6 Ways to Identify Bakelite

Using Your Senses to Discern Phenolic Plastics

 First and foremost, never use the hot pin test to determine whether something is or is not made of Bakelite

Some older plastics (like celluloid, for example) are very flammable, and a hot pin can be dangerous to not only the plastic but to you as well. If that's the only test you're familiar with at this point, don't worry. There are many other ways to test valuable Bakelite pieces that are much safer, and several of them only require your senses to accomplish. Remember though, it's good to employ more than one of these tests until you get very comfortable identifying Bakelite.

It's true that some folks well-versed in Bakelite identification recommend the hot water test (learn more about this easy test below) as the standard when it comes to accurately identifying this form of plastic. While this has proven to be an effective method of testing to release the formaldehyde-like scent of Bakelite, most pickers trying to learn about vintage plastics don't have access to hot water when making buying decisions in the middle of a flea market field. Given this fact, it's wise to learn various methods to identify Bakelite rather than finding out after the fact that you have made a costly mistake.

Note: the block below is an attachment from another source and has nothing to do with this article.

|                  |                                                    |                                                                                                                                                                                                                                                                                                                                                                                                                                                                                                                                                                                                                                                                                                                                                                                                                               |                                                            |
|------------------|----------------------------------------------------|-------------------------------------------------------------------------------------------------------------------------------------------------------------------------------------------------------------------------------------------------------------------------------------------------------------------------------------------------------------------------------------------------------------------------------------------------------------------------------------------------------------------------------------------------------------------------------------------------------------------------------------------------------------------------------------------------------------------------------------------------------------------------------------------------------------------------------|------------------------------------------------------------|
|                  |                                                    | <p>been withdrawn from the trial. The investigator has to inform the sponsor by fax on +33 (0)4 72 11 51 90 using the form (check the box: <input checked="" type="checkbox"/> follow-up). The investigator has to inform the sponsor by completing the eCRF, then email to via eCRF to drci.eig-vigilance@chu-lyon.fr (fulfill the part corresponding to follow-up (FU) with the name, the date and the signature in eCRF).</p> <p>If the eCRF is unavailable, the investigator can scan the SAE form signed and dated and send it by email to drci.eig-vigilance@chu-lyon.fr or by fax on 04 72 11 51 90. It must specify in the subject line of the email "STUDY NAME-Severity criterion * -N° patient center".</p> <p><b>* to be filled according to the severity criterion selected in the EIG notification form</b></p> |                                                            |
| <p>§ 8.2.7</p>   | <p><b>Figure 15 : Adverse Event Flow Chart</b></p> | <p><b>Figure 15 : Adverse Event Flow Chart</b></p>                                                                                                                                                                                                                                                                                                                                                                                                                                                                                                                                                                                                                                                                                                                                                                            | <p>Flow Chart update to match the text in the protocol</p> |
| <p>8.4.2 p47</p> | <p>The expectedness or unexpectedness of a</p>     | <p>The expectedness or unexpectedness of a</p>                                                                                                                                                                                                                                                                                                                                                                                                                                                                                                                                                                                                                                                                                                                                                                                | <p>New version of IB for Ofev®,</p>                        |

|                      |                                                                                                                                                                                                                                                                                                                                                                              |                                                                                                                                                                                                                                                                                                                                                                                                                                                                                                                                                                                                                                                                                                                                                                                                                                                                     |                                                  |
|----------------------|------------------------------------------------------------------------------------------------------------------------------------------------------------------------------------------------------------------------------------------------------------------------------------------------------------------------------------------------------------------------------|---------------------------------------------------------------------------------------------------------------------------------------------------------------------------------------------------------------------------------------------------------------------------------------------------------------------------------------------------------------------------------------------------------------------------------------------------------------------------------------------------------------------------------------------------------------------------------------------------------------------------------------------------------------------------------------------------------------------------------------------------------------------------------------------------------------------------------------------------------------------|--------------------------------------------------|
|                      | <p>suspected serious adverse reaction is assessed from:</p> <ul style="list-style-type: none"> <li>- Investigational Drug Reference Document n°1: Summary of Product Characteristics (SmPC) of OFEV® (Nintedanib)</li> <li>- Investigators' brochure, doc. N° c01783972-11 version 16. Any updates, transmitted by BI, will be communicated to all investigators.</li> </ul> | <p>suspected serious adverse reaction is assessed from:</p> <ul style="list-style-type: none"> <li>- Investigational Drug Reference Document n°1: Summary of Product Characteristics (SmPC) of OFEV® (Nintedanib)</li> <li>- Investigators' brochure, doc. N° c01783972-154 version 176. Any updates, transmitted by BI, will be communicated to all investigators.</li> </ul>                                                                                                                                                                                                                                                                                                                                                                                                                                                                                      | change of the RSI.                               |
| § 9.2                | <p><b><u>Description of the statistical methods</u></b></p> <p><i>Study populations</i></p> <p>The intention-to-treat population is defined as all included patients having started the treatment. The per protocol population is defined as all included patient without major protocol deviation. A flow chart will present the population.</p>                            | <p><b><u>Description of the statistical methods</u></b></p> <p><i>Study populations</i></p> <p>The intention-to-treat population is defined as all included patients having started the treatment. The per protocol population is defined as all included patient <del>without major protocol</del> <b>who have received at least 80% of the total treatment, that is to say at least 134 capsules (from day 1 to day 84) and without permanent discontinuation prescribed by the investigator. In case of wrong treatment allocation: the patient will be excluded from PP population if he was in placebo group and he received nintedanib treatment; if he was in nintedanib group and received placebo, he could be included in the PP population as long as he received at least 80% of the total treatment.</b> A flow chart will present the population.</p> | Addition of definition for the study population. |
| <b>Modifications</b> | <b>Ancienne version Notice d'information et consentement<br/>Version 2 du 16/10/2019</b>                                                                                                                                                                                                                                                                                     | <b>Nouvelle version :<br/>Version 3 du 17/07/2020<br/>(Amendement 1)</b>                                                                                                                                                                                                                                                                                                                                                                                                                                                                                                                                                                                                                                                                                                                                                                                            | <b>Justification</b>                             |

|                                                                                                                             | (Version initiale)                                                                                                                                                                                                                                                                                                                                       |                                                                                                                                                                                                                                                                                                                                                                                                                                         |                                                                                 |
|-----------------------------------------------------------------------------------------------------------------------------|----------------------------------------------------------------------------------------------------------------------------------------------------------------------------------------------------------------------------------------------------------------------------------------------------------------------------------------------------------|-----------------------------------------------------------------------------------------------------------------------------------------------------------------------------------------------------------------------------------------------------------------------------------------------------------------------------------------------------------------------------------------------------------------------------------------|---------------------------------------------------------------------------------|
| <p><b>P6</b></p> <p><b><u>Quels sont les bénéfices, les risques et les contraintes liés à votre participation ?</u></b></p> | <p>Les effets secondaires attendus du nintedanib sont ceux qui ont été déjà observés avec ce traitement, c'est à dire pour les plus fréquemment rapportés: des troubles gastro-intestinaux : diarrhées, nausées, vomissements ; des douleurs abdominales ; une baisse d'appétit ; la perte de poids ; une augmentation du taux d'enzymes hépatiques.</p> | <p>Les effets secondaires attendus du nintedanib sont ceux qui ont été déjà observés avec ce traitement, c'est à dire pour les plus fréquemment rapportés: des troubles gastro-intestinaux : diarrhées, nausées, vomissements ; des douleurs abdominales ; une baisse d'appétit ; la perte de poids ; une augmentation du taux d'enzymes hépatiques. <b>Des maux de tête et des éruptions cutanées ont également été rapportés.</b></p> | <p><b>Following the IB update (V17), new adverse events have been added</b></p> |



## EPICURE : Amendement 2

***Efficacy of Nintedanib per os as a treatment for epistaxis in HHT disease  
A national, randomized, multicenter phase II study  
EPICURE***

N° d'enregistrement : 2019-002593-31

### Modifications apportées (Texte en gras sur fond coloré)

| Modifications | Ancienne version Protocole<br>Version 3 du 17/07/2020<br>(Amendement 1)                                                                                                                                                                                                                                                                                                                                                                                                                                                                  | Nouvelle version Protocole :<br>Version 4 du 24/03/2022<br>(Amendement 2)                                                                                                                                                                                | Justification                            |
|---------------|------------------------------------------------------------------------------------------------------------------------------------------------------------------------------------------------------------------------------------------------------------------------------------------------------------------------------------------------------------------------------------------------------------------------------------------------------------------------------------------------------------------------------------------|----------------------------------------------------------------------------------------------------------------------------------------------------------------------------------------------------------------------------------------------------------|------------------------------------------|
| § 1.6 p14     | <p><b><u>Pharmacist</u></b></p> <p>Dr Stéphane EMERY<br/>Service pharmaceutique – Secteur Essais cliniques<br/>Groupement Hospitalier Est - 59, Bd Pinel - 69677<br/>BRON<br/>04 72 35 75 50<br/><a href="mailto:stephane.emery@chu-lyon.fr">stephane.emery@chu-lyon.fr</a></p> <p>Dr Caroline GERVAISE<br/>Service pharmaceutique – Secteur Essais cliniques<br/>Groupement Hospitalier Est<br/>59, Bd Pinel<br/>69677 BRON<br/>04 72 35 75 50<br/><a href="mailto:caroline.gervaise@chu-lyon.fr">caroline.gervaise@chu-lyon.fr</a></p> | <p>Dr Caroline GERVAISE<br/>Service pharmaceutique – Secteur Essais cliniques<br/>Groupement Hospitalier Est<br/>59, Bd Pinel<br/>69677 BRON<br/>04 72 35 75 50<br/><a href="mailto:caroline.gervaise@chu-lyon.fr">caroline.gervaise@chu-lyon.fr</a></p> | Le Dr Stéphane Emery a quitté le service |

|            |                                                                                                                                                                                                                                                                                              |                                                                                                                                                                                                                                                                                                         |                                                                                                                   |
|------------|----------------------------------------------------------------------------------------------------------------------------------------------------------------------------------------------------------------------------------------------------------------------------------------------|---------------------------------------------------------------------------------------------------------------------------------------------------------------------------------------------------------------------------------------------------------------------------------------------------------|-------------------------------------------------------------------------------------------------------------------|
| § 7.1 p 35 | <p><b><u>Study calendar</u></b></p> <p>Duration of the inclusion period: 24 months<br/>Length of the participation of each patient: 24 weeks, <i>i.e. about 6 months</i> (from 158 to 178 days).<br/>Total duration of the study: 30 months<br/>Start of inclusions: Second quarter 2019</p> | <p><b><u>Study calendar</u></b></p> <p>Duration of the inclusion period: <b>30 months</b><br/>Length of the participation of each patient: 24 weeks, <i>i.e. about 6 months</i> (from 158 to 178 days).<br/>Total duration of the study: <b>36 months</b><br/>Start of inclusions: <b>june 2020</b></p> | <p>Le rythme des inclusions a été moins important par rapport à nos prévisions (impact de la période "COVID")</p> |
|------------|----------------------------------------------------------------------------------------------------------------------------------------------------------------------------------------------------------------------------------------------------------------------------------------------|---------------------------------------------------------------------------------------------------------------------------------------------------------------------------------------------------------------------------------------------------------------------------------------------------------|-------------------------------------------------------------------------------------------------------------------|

Again, you may need to employ more than one test to rule out a false positive (or negative) result. Use all your senses in concert to help you determine whether or not an object you are examining is Bakelite. 

  • 01 of 06

    Testing by Sound

    vintage Bakelite Bangles
    Nick Young/Moment Open/Getty Images

    One way to start learning about Bakelite identification is listening for the familiar "clunk" when two pieces you know to be Bakelite are tapped together. This very distinctive sound is often heard when two or more bangles made of this popular plastic are worn at the same time.

    Try gently tapping two pieces of another type of plastic together, and compare the sound to two pieces of true Bakelite the next time you're out shopping where this type of plastic is on display. You'll need to do other tests, of course, to confirm but this is a good point of departure. 

  • 02 of 06

    Testing by Feel

    Carved Bakelite Bangle
    Carved Bakelite Bangle. Photo by Jay B. Siegel for ChicAntiques.com

    Consider the weight of a piece of plastic jewelry. Bakelite feels heavier when compared to some other types of plastics, like celluloid as one example.

    Hold another type of plastic you have identified in one hand, and a piece you know to be Bakelite of approximately the same size in the other. You will often notice the heavier feel of Bakelite. Again, more testing will be required to confirm, but this is another good test to know when out shopping in the field. 

  • 03 of 06

    Testing by Smell

    Carved Wood Turtle Dress Clip with Bakelite Back
    Carved Wood Turtle Dress Clip with Bakelite Back. Photo by Jay B. Siegel for ChicAntiques.com

    Rub the item in question vigorously with your thumb until you feel the plastic heat up. Then, before it cools, take a whiff. A distinct chemical odor similar to formaldehyde will linger with most genuine Bakelite. This often takes a bit of practice, but it works well for many people while out shopping.